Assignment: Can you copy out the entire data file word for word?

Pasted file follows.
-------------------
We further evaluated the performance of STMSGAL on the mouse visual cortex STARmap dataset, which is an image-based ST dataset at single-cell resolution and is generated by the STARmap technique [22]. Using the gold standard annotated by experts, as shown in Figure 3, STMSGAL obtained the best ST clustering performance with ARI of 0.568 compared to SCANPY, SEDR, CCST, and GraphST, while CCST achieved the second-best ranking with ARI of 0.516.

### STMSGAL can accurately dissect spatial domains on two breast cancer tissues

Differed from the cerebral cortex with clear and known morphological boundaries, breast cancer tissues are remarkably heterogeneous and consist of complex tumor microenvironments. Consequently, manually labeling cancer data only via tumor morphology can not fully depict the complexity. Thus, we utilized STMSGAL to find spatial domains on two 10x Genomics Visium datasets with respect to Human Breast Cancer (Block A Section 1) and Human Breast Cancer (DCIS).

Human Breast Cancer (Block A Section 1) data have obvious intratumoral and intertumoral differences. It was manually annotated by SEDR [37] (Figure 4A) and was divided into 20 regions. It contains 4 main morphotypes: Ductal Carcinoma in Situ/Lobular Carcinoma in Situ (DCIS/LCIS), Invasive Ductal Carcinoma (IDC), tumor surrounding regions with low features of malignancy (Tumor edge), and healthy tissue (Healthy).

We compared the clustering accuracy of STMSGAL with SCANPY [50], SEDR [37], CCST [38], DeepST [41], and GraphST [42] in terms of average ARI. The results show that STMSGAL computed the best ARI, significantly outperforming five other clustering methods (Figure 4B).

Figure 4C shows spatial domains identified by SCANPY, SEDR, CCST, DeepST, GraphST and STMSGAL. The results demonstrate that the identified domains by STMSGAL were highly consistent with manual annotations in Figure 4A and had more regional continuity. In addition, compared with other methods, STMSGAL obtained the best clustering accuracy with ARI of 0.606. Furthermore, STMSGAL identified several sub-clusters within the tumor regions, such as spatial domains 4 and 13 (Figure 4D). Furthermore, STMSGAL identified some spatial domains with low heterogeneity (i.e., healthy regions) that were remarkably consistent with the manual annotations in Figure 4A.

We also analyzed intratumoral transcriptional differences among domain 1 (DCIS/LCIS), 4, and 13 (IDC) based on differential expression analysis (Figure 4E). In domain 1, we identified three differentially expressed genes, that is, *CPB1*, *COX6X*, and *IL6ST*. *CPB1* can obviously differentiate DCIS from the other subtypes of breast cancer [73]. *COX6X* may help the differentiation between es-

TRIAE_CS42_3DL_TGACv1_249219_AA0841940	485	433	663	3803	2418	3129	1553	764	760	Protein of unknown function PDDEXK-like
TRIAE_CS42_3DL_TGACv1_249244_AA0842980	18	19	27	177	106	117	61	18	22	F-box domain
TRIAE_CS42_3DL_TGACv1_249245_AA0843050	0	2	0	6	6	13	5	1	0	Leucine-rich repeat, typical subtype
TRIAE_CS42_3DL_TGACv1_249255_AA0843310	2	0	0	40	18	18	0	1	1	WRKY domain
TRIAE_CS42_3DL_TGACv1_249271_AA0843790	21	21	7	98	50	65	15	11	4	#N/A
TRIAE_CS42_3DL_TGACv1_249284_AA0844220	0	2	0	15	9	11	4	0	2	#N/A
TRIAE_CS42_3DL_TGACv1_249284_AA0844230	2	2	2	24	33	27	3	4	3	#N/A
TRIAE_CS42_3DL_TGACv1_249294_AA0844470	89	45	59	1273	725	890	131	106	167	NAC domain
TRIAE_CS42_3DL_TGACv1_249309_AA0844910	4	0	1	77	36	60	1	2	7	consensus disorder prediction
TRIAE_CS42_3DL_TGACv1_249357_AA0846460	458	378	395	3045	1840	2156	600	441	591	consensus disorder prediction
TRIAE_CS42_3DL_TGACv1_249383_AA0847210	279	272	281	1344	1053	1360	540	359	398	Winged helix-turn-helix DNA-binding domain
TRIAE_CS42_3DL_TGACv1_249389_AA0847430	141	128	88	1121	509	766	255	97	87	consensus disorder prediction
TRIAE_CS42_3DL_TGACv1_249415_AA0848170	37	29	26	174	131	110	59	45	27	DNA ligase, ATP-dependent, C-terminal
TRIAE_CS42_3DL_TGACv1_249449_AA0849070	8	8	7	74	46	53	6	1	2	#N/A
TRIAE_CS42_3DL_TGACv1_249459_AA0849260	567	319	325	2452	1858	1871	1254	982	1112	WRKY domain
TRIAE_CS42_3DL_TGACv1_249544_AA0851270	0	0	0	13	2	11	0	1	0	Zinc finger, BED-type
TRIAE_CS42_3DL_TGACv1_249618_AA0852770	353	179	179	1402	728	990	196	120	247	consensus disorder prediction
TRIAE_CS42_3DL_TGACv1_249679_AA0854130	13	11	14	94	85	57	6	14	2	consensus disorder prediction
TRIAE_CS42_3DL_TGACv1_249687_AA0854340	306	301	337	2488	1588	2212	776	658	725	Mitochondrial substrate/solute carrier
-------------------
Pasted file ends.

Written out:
We further evaluated the performance of STMSGAL on the mouse visual cortex STARmap dataset, which is an image-based ST dataset at single-cell resolution and is generated by the STARmap technique [22]. Using the gold standard annotated by experts, as shown in Figure 3, STMSGAL obtained the best ST clustering performance with ARI of 0.568 compared to SCANPY, SEDR, CCST, and GraphST, while CCST achieved the second-best ranking with ARI of 0.516.

### STMSGAL can accurately dissect spatial domains on two breast cancer tissues

Differed from the cerebral cortex with clear and known morphological boundaries, breast cancer tissues are remarkably heterogeneous and consist of complex tumor microenvironments. Consequently, manually labeling cancer data only via tumor morphology can not fully depict the complexity. Thus, we utilized STMSGAL to find spatial domains on two 10x Genomics Visium datasets with respect to Human Breast Cancer (Block A Section 1) and Human Breast Cancer (DCIS).

Human Breast Cancer (Block A Section 1) data have obvious intratumoral and intertumoral differences. It was manually annotated by SEDR [37] (Figure 4A) and was divided into 20 regions. It contains 4 main morphotypes: Ductal Carcinoma in Situ/Lobular Carcinoma in Situ (DCIS/LCIS), Invasive Ductal Carcinoma (IDC), tumor surrounding regions with low features of malignancy (Tumor edge), and healthy tissue (Healthy).

We compared the clustering accuracy of STMSGAL with SCANPY [50], SEDR [37], CCST [38], DeepST [41], and GraphST [42] in terms of average ARI. The results show that STMSGAL computed the best ARI, significantly outperforming five other clustering methods (Figure 4B).

Figure 4C shows spatial domains identified by SCANPY, SEDR, CCST, DeepST, GraphST and STMSGAL. The results demonstrate that the identified domains by STMSGAL were highly consistent with manual annotations in Figure 4A and had more regional continuity. In addition, compared with other methods, STMSGAL obtained the best clustering accuracy with ARI of 0.606. Furthermore, STMSGAL identified several sub-clusters within the tumor regions, such as spatial domains 4 and 13 (Figure 4D). Furthermore, STMSGAL identified some spatial domains with low heterogeneity (i.e., healthy regions) that were remarkably consistent with the manual annotations in Figure 4A.

We also analyzed intratumoral transcriptional differences among domain 1 (DCIS/LCIS), 4, and 13 (IDC) based on differential expression analysis (Figure 4E). In domain 1, we identified three differentially expressed genes, that is, *CPB1*, *COX6X*, and *IL6ST*. *CPB1* can obviously differentiate DCIS from the other subtypes of breast cancer [73]. *COX6X* may help the differentiation between es-

TRIAE_CS42_3DL_TGACv1_249219_AA0841940	485	433	663	3803	2418	3129	1553	764	760	Protein of unknown function PDDEXK-like
TRIAE_CS42_3DL_TGACv1_249244_AA0842980	18	19	27	177	106	117	61	18	22	F-box domain
TRIAE_CS42_3DL_TGACv1_249245_AA0843050	0	2	0	6	6	13	5	1	0	Leucine-rich repeat, typical subtype
TRIAE_CS42_3DL_TGACv1_249255_AA0843310	2	0	0	40	18	18	0	1	1	WRKY domain
TRIAE_CS42_3DL_TGACv1_249271_AA0843790	21	21	7	98	50	65	15	11	4	#N/A
TRIAE_CS42_3DL_TGACv1_249284_AA0844220	0	2	0	15	9	11	4	0	2	#N/A
TRIAE_CS42_3DL_TGACv1_249284_AA0844230	2	2	2	24	33	27	3	4	3	#N/A
TRIAE_CS42_3DL_TGACv1_249294_AA0844470	89	45	59	1273	725	890	131	106	167	NAC domain
TRIAE_CS42_3DL_TGACv1_249309_AA0844910	4	0	1	77	36	60	1	2	7	consensus disorder prediction
TRIAE_CS42_3DL_TGACv1_249357_AA0846460	458	378	395	3045	1840	2156	600	441	591	consensus disorder prediction
TRIAE_CS42_3DL_TGACv1_249383_AA0847210	279	272	281	1344	1053	1360	540	359	398	Winged helix-turn-helix DNA-binding domain
TRIAE_CS42_3DL_TGACv1_249389_AA0847430	141	128	88	1121	509	766	255	97	87	consensus disorder prediction
TRIAE_CS42_3DL_TGACv1_249415_AA0848170	37	29	26	174	131	110	59	45	27	DNA ligase, ATP-dependent, C-terminal
TRIAE_CS42_3DL_TGACv1_249449_AA0849070	8	8	7	74	46	53	6	1	2	#N/A
TRIAE_CS42_3DL_TGACv1_249459_AA0849260	567	319	325	2452	1858	1871	1254	982	1112	WRKY domain
TRIAE_CS42_3DL_TGACv1_249544_AA0851270	0	0	0	13	2	11	0	1	0	Zinc finger, BED-type
TRIAE_CS42_3DL_TGACv1_249618_AA0852770	353	179	179	1402	728	990	196	120	247	consensus disorder prediction
TRIAE_CS42_3DL_TGACv1_249679_AA0854130	13	11	14	94	85	57	6	14	2	consensus disorder prediction
TRIAE_CS42_3DL_TGACv1_249687_AA0854340	306	301	337	2488	1588	2212	776	658	725	Mitochondrial substrate/solute carrier